Returning now to FIG. 1, after the detector 18 locates a blob or object with the ROI, the detection is validated in a validation processor 28. The validation processor 28 may employ one or any combination of a number of validation techniques, however, the preferred embodiment of the present invention uses at least one of the following queries: Is the blob centered (or substantially centered) within the ROI; is the blob occupying a certain percentage of the ROI; whether the blob appears to be one blob or more than one blob; or certain contrast variations between the blob and the surrounding areas just adjacent to the blob. Failure to validate results in a report 30 of no runway within the ROI, thus, saving computational time if the blob cannot be validated. From this point another ROI could be received from the image sensor 12 and the process repeated. Assuming, however, that the blob was validated, the vertex segmentation processor performs vertex detection to locate the vertices of the object.
Referring now to FIG. 3, the basic approach to locating the vertices of the blob can be understood. As shown, an ROI 14 contains an object (or blob) 34 having a contour 36. Generally, the contour will have an irregular shape that complicates locating the vertices. According to the present invention, the vertex segmentation processor locates the points (38, 40, 42 and 44) on the contour 36 that are nearest to the four corners (46, 48, 50 and 52) of the ROI. These points on the contour are then defined to be the vertices of the object 34.
Referring now to FIG. 4, the preferred computation process to achieve vertex determination according to one preferred embodiment of the present invention can be explained. As before, the ROI 14 contains an object (or blob) 34 having a contour 36. The vertex segmentation processor solves the equation:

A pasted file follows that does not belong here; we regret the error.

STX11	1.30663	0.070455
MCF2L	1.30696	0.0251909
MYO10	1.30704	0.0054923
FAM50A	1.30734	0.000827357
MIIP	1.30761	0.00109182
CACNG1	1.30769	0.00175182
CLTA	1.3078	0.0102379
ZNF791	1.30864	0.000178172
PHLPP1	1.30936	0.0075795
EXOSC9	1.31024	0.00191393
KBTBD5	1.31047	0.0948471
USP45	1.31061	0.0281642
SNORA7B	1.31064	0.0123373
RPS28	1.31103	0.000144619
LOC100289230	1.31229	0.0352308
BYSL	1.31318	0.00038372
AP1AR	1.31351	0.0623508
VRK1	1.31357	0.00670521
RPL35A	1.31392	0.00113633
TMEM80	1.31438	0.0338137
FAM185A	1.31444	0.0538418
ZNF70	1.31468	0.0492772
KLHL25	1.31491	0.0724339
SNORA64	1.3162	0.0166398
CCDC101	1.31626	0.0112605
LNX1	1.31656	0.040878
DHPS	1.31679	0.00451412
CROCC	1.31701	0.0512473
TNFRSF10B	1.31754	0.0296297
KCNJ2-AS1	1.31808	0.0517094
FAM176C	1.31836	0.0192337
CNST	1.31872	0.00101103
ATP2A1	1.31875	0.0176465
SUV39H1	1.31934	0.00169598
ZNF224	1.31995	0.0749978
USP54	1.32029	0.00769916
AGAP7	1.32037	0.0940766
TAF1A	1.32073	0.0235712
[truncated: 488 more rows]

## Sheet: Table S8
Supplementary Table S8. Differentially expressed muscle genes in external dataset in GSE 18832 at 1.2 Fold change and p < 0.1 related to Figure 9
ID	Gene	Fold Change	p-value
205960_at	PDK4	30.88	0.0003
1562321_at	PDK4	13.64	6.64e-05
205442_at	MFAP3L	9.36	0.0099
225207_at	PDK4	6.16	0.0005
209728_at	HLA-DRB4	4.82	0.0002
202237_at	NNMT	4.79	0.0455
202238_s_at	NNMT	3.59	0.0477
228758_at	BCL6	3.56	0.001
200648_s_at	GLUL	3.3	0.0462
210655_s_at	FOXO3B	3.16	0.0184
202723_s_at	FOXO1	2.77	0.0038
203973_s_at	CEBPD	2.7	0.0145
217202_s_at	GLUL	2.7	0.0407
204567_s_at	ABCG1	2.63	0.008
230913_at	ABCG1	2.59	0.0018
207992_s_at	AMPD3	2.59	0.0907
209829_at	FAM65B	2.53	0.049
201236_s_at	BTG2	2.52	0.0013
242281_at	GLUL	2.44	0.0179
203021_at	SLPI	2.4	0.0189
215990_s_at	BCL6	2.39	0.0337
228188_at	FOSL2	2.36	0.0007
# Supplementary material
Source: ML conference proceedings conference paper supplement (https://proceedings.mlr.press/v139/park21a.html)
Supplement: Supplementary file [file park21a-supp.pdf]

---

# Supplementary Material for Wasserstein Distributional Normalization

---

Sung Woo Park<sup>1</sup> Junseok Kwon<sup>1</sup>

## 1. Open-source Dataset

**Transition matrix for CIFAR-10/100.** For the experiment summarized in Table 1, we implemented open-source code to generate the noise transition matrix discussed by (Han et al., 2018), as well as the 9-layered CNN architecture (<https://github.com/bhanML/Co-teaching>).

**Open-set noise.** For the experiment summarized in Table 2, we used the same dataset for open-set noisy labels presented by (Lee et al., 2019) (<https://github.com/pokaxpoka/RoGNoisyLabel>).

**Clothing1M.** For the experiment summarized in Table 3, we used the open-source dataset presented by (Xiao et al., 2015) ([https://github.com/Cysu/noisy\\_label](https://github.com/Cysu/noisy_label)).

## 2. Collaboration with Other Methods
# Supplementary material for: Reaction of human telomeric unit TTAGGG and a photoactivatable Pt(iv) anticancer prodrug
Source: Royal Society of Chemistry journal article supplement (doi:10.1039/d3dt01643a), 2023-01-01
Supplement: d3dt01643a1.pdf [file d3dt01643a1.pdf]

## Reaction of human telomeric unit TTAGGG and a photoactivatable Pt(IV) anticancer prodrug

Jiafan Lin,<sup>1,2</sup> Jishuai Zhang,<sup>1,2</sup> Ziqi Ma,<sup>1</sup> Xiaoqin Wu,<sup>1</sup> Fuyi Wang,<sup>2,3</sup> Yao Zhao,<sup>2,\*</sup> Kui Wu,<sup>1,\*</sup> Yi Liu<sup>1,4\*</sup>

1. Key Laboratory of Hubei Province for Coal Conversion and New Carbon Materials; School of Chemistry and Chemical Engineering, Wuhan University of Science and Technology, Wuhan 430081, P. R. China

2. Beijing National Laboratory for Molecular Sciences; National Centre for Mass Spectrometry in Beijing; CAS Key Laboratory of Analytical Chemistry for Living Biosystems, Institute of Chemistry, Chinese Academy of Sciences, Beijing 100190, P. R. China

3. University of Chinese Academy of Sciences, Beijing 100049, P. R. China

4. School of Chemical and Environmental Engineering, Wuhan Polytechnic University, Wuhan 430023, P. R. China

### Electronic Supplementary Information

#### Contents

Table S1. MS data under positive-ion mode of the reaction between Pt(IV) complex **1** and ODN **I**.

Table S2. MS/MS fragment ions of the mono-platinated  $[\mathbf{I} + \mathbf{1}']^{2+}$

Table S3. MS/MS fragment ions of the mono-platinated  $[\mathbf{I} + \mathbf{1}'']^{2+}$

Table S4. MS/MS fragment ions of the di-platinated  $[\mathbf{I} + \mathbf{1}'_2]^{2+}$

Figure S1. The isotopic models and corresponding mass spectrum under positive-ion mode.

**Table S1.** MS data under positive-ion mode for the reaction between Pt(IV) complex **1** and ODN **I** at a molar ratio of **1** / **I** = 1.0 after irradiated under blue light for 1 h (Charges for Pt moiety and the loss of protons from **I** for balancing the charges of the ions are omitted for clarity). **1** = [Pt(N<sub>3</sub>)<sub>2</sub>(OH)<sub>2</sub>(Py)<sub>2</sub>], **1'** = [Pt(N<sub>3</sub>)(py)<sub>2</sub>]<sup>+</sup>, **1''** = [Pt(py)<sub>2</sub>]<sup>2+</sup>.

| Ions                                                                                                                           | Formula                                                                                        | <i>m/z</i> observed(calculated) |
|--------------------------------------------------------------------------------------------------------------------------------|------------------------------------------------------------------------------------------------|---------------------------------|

B(x 1 ,y 1)=min ∥B(x,y)−C(x 0 ,y 0)∥
(x1,y1) ∈ (Rc(λ)∩B) where B=detected blob contour and Rc(λ)=circular region perimeter curve around the corner of the ROI, C(x0,y0), based upon a margin radius λ.
As shown graphically in FIG. 4 one preferred embodiment begins searching at the corners (46, 48, 50 and 52) of the ROI looking for a point on the contour. To perform this localized search or computation, the present invention examines an area A defined by a radius λ around each corner of the ROI. If no point on the contour 36 is found, the corner of the ROI is moved inward and the process repeats. Eventually, the offset corners (46′, 48′ 50′ and 52′) of the ROI find within the radius λ a point (38, 40, 42 and 44) on the contour and the vertices are located. Lines may then be projected between the vertices to locate and identify the runway. Accordingly to the present invention, by having only to make these four localized computations, the speed of processing the ROI data is extremely reduced as compared to line fitting techniques used in the prior art.
Returning now to FIG. 1, after vertex detection 32, lines are projected between the vertices by a process known in the art as snake delineation 56. The runway can then be reported 58 to the pilots of the aircraft using conventional cockpit displays or a heads-up display system.